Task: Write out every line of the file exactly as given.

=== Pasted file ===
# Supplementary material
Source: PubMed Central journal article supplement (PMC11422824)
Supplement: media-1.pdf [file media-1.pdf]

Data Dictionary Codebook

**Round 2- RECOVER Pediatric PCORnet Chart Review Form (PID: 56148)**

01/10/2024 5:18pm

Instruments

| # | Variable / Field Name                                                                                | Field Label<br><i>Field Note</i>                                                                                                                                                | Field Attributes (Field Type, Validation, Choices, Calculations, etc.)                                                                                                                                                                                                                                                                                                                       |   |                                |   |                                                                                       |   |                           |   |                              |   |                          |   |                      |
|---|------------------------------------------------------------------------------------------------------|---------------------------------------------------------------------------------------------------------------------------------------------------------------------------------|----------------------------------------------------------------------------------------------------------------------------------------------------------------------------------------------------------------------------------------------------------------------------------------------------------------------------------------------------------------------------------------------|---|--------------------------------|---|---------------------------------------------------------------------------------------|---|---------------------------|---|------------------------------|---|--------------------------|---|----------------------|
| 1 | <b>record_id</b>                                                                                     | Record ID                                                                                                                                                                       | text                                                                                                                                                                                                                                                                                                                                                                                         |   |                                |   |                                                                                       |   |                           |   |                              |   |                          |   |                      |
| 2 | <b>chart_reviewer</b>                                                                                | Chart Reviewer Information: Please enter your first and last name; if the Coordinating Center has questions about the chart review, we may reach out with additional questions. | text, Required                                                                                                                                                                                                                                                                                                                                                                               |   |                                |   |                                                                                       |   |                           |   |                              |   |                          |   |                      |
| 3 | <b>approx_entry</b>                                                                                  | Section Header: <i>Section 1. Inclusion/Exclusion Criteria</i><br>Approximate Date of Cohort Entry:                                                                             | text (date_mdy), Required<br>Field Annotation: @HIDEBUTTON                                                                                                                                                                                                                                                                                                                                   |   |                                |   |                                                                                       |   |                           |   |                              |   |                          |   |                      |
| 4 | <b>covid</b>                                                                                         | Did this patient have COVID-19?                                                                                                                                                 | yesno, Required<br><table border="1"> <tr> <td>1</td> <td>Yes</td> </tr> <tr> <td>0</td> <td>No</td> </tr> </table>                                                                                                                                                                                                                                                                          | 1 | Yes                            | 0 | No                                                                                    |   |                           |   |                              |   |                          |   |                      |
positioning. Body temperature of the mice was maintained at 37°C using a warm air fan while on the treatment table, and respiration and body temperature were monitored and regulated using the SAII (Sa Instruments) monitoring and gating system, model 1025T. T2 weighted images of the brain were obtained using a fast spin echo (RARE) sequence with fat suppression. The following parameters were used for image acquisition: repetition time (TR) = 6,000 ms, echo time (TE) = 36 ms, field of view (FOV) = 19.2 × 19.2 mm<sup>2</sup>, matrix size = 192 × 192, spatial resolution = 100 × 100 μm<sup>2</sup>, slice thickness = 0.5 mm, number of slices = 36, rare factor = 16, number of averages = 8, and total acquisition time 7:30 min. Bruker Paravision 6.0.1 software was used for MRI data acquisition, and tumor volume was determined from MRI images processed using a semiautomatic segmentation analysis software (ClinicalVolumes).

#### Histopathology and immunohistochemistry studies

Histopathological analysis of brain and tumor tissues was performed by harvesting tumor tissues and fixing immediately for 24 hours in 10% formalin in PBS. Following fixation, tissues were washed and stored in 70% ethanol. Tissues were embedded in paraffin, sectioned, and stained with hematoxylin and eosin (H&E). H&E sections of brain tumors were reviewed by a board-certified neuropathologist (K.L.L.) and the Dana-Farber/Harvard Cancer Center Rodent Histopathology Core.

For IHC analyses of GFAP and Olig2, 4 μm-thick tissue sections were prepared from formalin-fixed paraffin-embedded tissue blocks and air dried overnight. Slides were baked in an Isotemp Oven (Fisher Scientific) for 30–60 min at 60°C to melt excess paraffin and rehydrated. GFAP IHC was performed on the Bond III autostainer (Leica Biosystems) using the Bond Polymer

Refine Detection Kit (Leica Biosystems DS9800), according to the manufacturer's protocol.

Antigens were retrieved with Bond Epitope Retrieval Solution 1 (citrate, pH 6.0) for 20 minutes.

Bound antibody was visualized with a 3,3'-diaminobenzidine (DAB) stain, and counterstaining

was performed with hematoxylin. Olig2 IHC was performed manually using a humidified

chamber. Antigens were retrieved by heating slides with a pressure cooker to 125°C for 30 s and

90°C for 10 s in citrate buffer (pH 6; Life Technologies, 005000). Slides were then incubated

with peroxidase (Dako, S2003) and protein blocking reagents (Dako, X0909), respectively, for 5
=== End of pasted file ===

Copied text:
# Supplementary material
Source: PubMed Central journal article supplement (PMC11422824)
Supplement: media-1.pdf [file media-1.pdf]

Data Dictionary Codebook

**Round 2- RECOVER Pediatric PCORnet Chart Review Form (PID: 56148)**

01/10/2024 5:18pm

Instruments

| # | Variable / Field Name                                                                                | Field Label<br><i>Field Note</i>                                                                                                                                                | Field Attributes (Field Type, Validation, Choices, Calculations, etc.)                                                                                                                                                                                                                                                                                                                       |   |                                |   |                                                                                       |   |                           |   |                              |   |                          |   |                      |
|---|------------------------------------------------------------------------------------------------------|---------------------------------------------------------------------------------------------------------------------------------------------------------------------------------|----------------------------------------------------------------------------------------------------------------------------------------------------------------------------------------------------------------------------------------------------------------------------------------------------------------------------------------------------------------------------------------------|---|--------------------------------|---|---------------------------------------------------------------------------------------|---|---------------------------|---|------------------------------|---|--------------------------|---|----------------------|
| 1 | <b>record_id</b>                                                                                     | Record ID                                                                                                                                                                       | text                                                                                                                                                                                                                                                                                                                                                                                         |   |                                |   |                                                                                       |   |                           |   |                              |   |                          |   |                      |
| 2 | <b>chart_reviewer</b>                                                                                | Chart Reviewer Information: Please enter your first and last name; if the Coordinating Center has questions about the chart review, we may reach out with additional questions. | text, Required                                                                                                                                                                                                                                                                                                                                                                               |   |                                |   |                                                                                       |   |                           |   |                              |   |                          |   |                      |
| 3 | <b>approx_entry</b>                                                                                  | Section Header: <i>Section 1. Inclusion/Exclusion Criteria</i><br>Approximate Date of Cohort Entry:                                                                             | text (date_mdy), Required<br>Field Annotation: @HIDEBUTTON                                                                                                                                                                                                                                                                                                                                   |   |                                |   |                                                                                       |   |                           |   |                              |   |                          |   |                      |
| 4 | <b>covid</b>                                                                                         | Did this patient have COVID-19?                                                                                                                                                 | yesno, Required<br><table border="1"> <tr> <td>1</td> <td>Yes</td> </tr> <tr> <td>0</td> <td>No</td> </tr> </table>                                                                                                                                                                                                                                                                          | 1 | Yes                            | 0 | No                                                                                    |   |                           |   |                              |   |                          |   |                      |
positioning. Body temperature of the mice was maintained at 37°C using a warm air fan while on the treatment table, and respiration and body temperature were monitored and regulated using the SAII (Sa Instruments) monitoring and gating system, model 1025T. T2 weighted images of the brain were obtained using a fast spin echo (RARE) sequence with fat suppression. The following parameters were used for image acquisition: repetition time (TR) = 6,000 ms, echo time (TE) = 36 ms, field of view (FOV) = 19.2 × 19.2 mm<sup>2</sup>, matrix size = 192 × 192, spatial resolution = 100 × 100 μm<sup>2</sup>, slice thickness = 0.5 mm, number of slices = 36, rare factor = 16, number of averages = 8, and total acquisition time 7:30 min. Bruker Paravision 6.0.1 software was used for MRI data acquisition, and tumor volume was determined from MRI images processed using a semiautomatic segmentation analysis software (ClinicalVolumes).

#### Histopathology and immunohistochemistry studies

Histopathological analysis of brain and tumor tissues was performed by harvesting tumor tissues and fixing immediately for 24 hours in 10% formalin in PBS. Following fixation, tissues were washed and stored in 70% ethanol. Tissues were embedded in paraffin, sectioned, and stained with hematoxylin and eosin (H&E). H&E sections of brain tumors were reviewed by a board-certified neuropathologist (K.L.L.) and the Dana-Farber/Harvard Cancer Center Rodent Histopathology Core.

For IHC analyses of GFAP and Olig2, 4 μm-thick tissue sections were prepared from formalin-fixed paraffin-embedded tissue blocks and air dried overnight. Slides were baked in an Isotemp Oven (Fisher Scientific) for 30–60 min at 60°C to melt excess paraffin and rehydrated. GFAP IHC was performed on the Bond III autostainer (Leica Biosystems) using the Bond Polymer

Refine Detection Kit (Leica Biosystems DS9800), according to the manufacturer's protocol.

Antigens were retrieved with Bond Epitope Retrieval Solution 1 (citrate, pH 6.0) for 20 minutes.

Bound antibody was visualized with a 3,3'-diaminobenzidine (DAB) stain, and counterstaining

was performed with hematoxylin. Olig2 IHC was performed manually using a humidified

chamber. Antigens were retrieved by heating slides with a pressure cooker to 125°C for 30 s and

90°C for 10 s in citrate buffer (pH 6; Life Technologies, 005000). Slides were then incubated

with peroxidase (Dako, S2003) and protein blocking reagents (Dako, X0909), respectively, for 5